When i grew up, children were to be seen and not heard. We, as Little Jimmy Dickens sang, got the “cold taters.” We vacuumed, mopped, stripped, and waxed floors, we washed, dried, and put away the dishes. We made our beds and our rooms were supposed to be and generally were neat and clean (after we got through messing them up). We gathered the wash off the line, folded clothes, washed the windows. We took the garbage out. As soon as able, we mowed and trimmed the yard, and around fourteen, Daddy had me in the basement crawl space cleaning out the clunkers (burnt coal) he had thrown there when we had a coal furnace. i’m sure i have left several things out.
Now, i’m not bragging or whining. It was just the way it was back then. And it was a whole lot easier than my parents had it. My father stoked the boiler with slag wood for my grandfather’s steam engine when he was six. At ten, he dug a storm shelter in their backyard, and when it was found the water table was too high for such, he dug a drainage ditch for about 100 feet to the street so they could convert that storm cellar into a root cellar.
Sounds tough? Well, i don’t recall being upset about any of it with the possible exception of clearing out the clunkers in the summer. From what Daddy told me, it sounds like he had about as much fun as i did growing up. It was just things we had to do and didn’t stop us from having fun.
i am not criticizing how we raise kids now. i’m not a child raising expert and it wouldn’t matter one whit if i was (unless, of course, i could make a couple of mill’ writing a book about it).
That’s just the way it was.
But what it did do for this dinosaur was to give him an appreciation, maybe even joy, at doing small tasks correctly. Between twenty and seventy-two years of age, all of my jobs required me to attack the big things, the alligators in the swamp, and many of the small jobs were left to subordinates. But i did my share when time afforded such.
Sometime after i retired (sic), er completed my Navy active duty service and had been mister mom for a while, i applied for a San Diego City job in HR training. i got to the final hurdle, an interview with three other trainers. Sitting in front of the three, i immediately sensed the male interrogator of the three was not a fan of folks with military backgrounds, especially officers, or perhaps he just didn’t like me.
i answered a bunch of questions easily and because of my Navy experience, especially my last tour as director of leadership, management, and equal opportunity training, my responses and record was acceptable.
Then the male interrogator casually asked (with what i took to be an antagonistic air), “Would you make coffee for the group?”
i got it. i knew his purpose. i explained i would be happy to make coffee and in my last job, although the boss and senior to everyone in my department, i made the coffee about ninety percent of the time, because unless i was facilitating a seminar, i was doing paperwork, administrivia, while my personnel were training.
i gather he didn’t like the answer. i didn’t get the job. Now and maybe even then, i’m glad.
In my old age, i have grown to appreciate the training i received growing up. The alligators are gone. There is no subordinate waiting for me to take care of the big stuff or make a decision. There is no boss (well, except for a wife) to expect me to do something. I pretty much decide what to do when i want to do stuff.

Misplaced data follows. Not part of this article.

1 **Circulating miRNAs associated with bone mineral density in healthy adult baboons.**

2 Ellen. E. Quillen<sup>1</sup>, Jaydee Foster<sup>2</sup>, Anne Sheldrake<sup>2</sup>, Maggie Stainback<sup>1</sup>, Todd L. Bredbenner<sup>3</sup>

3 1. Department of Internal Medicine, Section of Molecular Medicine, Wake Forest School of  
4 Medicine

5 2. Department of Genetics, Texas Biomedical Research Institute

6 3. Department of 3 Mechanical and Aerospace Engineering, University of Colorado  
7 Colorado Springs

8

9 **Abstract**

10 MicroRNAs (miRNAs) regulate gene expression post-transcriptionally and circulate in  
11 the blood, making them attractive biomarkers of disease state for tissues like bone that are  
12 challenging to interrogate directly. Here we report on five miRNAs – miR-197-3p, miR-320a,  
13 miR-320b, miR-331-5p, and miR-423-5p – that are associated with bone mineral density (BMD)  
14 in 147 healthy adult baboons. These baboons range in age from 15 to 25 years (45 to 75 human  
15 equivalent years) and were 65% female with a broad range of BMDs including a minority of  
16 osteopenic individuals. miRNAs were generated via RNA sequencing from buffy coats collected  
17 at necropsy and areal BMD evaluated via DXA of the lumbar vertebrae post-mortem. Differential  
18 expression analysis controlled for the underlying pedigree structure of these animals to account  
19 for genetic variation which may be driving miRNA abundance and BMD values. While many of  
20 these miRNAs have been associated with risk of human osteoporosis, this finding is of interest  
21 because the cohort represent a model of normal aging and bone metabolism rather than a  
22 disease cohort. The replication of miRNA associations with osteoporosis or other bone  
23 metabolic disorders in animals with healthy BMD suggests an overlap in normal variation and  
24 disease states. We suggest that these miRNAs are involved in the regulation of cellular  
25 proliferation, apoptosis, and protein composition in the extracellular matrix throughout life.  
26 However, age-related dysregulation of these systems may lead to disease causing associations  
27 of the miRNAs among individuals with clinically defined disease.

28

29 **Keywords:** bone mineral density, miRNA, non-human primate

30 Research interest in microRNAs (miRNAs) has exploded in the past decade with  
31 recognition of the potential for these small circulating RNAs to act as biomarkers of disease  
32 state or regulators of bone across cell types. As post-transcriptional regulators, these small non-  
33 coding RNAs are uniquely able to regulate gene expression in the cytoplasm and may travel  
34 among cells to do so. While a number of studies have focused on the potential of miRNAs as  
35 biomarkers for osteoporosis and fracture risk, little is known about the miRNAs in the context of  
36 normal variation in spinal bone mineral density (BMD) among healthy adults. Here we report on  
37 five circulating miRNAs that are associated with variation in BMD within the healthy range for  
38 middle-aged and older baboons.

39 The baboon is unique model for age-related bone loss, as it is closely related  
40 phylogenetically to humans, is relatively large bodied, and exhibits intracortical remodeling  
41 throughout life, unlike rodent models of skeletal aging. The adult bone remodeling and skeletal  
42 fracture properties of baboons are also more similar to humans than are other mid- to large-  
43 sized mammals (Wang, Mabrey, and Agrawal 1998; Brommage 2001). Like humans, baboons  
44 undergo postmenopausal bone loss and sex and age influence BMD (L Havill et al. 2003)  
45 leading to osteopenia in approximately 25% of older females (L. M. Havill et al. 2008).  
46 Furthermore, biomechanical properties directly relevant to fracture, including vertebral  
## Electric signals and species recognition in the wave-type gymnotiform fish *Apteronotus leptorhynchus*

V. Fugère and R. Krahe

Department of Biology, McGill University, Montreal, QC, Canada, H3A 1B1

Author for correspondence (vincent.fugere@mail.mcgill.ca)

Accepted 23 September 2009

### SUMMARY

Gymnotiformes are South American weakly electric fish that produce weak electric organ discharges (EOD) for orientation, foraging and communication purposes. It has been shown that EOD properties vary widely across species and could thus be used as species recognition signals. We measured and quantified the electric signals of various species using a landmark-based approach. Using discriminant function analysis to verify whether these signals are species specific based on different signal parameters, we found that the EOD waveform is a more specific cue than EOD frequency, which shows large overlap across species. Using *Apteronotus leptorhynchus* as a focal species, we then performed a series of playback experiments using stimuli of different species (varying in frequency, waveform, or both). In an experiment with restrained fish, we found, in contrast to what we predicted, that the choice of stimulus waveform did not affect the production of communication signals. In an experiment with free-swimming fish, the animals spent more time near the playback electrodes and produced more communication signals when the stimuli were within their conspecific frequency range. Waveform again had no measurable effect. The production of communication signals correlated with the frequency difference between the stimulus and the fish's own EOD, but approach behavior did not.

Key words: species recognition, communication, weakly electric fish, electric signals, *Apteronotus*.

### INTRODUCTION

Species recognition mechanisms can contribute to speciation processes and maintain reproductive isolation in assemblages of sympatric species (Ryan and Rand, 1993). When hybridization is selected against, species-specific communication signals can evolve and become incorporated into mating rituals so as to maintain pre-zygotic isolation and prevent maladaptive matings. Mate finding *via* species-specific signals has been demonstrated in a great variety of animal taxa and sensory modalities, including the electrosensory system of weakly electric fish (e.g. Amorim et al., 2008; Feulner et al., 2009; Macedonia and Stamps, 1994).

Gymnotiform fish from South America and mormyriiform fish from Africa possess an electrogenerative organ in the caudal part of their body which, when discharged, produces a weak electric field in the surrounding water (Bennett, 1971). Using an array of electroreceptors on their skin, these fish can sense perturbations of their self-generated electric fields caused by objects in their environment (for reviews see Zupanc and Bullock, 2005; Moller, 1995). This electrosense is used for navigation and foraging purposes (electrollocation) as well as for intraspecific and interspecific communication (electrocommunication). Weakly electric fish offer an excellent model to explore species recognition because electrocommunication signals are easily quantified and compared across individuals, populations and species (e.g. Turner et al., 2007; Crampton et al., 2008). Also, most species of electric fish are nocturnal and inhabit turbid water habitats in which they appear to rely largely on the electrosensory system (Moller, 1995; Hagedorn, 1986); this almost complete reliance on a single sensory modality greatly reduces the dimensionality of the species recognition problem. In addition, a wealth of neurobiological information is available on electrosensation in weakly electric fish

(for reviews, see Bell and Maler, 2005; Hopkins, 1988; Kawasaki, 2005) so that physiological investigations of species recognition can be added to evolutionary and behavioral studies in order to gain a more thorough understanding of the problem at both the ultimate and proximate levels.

i’ve found a great sense of satisfaction in doing the little things, pretty much the same things i did growing up: washing the dishes, cleaning things, taking the garbage out. Yeh, we got a yard guy, a gardener and landscape artist who does all that yard work because he’s better than me and what he does pleases my wife. Yeh, we got two cleaning ladies who come every other week and clean the house thoroughly. And i am rather pleased there aren’t any clunkers to clean out of anywhere.
So i pride myself on doing the little things and claim doing such should be done by everyone to develop pride in themselves or something. Like the SEAL Admiral Bill McRaven pointed out in his retirement speech gone viral and in the book he’s written, Make Your Bed.
Then it showed up. Sarah confided in me about a week ago, she had found this great deal on the internet and had ordered a Robot Roomba for her mother.
i was aghast. First off, Maureen is the financial overlord of this place and spending money she believes is frivolous is at the top of her no-no list. Secondly, she had long proclaimed she didn’t like the things and wouldn’t have one in her house.
Wisely i kept out of it. Kept my mouth shut. But boy, i was one anxious person, sweating blood thinking of the upcoming chaos.
It arrived. As taught by Brer Fox, i laid low. Sarah set up the thing. Maureen was dubious. The next morning, the show was on.
Maureen loved it. Go figure. When it finished its mapping, its cleaning, it sent Maureen a message on her phone letting her know all was done and it was back in its nest.
i concede. No more vacuuming the floors. The dinosaur enjoys it too. Neat stuff.
Of course, i have to watch my step and it seems like its a blind puppy as it wanders around the house and bounces off the walls. i keep waiting for it to whimper. i almost talked to it the other day. i caught myself reaching down to pet it. If i was a true dinosaur, it would make a nice snack.
And i still have to wash the dishes.